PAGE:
Dynamics of cross-species transmission in SIV

Recombination complicates the natural history of lentiviruses

Lentiviruses notoriously recombine, which effectively means that different portions of the lentiviral genome have different evolutionary--and phylogenetic--histories. Thus, in order to reconstruct the history of cross-species transmission among primate lentiviruses, we had to first assess the extent of recombination between SIV lineages. We used GARD to look for evidence of recombination breakpoints across a modified version of the LANL compendium alignment of HIV and SIVs.

To ease computational intensity, we ran GARD on 3kb regions of the genome (with 1kb overlaps on either end). We repeated this with the windows offset in order to control for proximity to region edges. Alignment coordinates listed. All analyses used the 012234 nucleotide model and 3 bins of site variation.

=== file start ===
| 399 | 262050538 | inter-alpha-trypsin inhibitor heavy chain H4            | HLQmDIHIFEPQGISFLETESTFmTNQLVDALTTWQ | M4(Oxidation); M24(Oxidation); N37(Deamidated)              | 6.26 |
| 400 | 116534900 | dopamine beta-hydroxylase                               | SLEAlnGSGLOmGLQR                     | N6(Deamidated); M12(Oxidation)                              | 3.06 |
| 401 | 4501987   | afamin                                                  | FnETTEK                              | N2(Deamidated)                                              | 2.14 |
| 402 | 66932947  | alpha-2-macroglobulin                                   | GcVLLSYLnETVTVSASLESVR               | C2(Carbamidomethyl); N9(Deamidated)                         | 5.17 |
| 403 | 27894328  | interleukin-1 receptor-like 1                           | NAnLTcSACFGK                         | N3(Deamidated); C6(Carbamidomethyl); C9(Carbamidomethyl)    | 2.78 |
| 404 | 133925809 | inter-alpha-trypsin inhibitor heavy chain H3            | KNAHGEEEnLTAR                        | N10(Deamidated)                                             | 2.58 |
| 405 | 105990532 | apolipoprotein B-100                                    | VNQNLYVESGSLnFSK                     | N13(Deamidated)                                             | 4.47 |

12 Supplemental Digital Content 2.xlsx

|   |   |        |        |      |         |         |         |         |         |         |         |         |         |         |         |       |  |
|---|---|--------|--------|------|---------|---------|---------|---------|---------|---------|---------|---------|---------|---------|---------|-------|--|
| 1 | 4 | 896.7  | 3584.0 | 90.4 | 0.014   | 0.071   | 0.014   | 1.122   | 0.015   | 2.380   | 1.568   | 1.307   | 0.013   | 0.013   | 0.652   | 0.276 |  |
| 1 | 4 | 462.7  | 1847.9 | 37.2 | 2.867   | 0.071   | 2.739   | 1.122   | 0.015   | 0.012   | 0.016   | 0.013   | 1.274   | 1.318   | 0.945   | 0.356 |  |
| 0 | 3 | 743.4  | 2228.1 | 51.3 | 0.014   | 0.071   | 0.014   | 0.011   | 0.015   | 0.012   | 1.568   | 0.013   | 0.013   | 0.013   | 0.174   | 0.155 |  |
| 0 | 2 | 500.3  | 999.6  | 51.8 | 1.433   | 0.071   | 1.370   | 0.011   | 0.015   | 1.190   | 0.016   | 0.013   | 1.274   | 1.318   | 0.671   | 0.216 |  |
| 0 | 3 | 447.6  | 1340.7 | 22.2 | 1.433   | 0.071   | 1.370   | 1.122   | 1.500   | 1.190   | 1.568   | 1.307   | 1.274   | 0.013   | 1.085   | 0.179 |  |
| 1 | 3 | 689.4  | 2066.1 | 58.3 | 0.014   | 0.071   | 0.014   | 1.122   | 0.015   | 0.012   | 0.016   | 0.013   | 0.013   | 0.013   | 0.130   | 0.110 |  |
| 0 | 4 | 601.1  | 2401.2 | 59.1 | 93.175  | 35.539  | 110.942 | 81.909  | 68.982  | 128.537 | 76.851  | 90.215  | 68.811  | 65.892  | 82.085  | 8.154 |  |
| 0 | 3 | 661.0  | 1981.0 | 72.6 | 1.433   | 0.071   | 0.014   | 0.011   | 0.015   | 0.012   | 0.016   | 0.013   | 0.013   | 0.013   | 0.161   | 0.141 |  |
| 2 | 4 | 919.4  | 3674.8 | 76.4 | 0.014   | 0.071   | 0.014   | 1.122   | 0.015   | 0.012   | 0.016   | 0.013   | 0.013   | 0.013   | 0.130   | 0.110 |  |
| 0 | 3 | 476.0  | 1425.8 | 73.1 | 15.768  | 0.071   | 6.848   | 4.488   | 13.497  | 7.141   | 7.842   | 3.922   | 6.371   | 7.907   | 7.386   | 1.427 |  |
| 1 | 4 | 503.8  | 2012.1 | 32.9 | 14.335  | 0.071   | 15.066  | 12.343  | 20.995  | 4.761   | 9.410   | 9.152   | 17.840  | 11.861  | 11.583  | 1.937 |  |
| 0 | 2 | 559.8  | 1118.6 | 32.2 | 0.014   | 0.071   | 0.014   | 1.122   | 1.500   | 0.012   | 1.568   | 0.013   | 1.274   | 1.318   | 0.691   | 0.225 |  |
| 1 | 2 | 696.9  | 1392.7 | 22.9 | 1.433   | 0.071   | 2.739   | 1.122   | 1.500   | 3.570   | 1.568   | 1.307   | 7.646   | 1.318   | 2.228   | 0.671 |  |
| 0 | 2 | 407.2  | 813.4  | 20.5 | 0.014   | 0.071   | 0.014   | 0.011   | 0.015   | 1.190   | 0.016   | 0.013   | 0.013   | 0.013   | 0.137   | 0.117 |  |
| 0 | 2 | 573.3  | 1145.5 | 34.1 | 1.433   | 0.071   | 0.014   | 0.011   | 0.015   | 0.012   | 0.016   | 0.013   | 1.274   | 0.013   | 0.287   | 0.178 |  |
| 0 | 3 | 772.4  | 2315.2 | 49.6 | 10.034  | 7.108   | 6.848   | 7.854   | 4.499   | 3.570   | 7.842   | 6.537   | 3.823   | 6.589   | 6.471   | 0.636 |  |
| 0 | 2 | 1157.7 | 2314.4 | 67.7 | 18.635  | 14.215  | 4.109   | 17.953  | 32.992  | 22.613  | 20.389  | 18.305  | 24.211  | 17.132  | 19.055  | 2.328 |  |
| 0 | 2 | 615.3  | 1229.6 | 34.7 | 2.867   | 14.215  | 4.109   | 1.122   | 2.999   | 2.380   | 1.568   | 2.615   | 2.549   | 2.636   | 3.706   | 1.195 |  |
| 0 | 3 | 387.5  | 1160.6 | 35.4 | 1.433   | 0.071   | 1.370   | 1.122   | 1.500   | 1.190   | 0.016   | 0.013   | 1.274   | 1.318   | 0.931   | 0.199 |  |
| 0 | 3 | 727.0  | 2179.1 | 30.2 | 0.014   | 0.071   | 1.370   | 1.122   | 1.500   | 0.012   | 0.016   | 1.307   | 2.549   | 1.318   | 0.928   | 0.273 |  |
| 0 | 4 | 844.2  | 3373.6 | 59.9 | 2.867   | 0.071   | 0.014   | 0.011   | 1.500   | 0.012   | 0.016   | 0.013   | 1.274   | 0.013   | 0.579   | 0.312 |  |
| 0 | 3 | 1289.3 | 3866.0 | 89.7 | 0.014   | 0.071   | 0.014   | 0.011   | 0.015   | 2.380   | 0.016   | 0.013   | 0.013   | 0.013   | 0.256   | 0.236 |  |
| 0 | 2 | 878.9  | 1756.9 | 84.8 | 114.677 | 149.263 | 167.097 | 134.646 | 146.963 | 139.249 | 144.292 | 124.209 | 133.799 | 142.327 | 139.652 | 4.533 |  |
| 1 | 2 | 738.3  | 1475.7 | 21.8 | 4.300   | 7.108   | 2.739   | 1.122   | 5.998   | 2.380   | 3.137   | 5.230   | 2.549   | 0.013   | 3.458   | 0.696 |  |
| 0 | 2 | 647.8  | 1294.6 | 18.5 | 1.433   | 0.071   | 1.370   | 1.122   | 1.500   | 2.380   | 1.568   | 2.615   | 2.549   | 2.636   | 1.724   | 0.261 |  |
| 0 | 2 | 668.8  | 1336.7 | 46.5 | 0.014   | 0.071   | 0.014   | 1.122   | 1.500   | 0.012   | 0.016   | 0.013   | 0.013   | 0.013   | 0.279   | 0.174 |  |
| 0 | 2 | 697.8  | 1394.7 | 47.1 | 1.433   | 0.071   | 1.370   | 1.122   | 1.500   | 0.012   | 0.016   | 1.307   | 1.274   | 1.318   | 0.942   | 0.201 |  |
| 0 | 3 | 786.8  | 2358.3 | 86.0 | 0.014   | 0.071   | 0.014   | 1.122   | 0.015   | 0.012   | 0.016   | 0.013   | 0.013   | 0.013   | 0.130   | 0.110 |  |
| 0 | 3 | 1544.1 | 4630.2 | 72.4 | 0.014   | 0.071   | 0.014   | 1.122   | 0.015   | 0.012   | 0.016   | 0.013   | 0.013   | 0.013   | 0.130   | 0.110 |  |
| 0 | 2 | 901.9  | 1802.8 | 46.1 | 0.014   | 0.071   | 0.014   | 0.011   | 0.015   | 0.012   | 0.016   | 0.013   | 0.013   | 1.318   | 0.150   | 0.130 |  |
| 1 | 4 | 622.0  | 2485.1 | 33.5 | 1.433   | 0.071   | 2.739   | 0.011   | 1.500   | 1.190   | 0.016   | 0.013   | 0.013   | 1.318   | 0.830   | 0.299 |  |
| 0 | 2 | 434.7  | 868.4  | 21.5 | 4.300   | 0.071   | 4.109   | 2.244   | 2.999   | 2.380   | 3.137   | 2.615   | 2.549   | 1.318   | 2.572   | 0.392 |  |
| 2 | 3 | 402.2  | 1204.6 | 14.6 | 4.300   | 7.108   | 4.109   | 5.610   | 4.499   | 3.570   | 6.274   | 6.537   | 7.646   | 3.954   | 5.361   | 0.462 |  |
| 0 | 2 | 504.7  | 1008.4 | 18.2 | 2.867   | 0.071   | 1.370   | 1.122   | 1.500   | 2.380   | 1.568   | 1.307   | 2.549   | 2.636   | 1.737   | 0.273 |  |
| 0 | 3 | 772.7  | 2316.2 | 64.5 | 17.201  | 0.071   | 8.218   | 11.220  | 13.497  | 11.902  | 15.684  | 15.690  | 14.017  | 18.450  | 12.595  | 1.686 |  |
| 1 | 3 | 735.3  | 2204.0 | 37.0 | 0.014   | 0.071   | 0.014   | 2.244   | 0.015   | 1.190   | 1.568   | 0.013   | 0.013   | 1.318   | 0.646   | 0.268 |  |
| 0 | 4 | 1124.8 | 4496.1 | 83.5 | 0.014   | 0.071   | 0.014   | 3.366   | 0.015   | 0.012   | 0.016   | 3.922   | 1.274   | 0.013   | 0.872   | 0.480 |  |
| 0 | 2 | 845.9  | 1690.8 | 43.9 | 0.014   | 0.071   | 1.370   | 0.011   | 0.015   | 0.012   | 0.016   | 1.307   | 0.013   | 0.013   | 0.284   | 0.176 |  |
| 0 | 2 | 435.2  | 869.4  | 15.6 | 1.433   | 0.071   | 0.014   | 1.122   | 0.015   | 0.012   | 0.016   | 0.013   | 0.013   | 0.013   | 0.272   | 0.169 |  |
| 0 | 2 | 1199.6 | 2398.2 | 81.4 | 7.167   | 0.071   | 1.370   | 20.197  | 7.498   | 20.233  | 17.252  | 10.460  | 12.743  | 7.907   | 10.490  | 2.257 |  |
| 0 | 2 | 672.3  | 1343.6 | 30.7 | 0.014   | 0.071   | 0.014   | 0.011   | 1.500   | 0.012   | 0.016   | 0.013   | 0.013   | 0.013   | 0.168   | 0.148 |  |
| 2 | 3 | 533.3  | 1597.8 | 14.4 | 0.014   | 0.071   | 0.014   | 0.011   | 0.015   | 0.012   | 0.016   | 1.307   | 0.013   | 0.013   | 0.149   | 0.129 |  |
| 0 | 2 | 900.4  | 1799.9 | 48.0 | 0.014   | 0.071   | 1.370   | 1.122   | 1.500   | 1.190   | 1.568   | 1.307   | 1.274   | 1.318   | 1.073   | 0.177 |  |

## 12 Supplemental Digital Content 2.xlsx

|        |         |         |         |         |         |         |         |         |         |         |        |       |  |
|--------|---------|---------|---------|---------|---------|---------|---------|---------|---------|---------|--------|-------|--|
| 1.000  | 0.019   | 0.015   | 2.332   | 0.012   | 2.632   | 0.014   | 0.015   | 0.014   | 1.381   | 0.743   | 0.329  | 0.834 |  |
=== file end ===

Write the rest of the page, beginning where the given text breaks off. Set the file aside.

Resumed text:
Window Start End N breakpoints found
A 1 3000 1
B 2000 5000 2
C 4000 7000 3
D 6000 9000 2
E 8000 11000 3
F 10000 end 3
G 1 2500 1
H 1500 4500 3
I 3500 6500 3
J 5500 8500 2
K 7500 10500 2
L 9500 12500 3
M 11500 end 2

Consensus breakpoint coordinates: 1, 2317, 2987, 3593, 4888, 5824, 6320 (omitted), 7474, 8136, 9084, 9734, 10716, 11068 (omitted), 11766, 13500

We then split the full dataset alignments along these breakpoints (all alignments held the compendium fixed and discarded insertions, coordinates are the same) and built maximum likelihood trees with RAxML for each segment. Tracing each taxa across segments allows us to visualize how each taxa's phylogenetic placement varies across breakpoints.

Recombination summary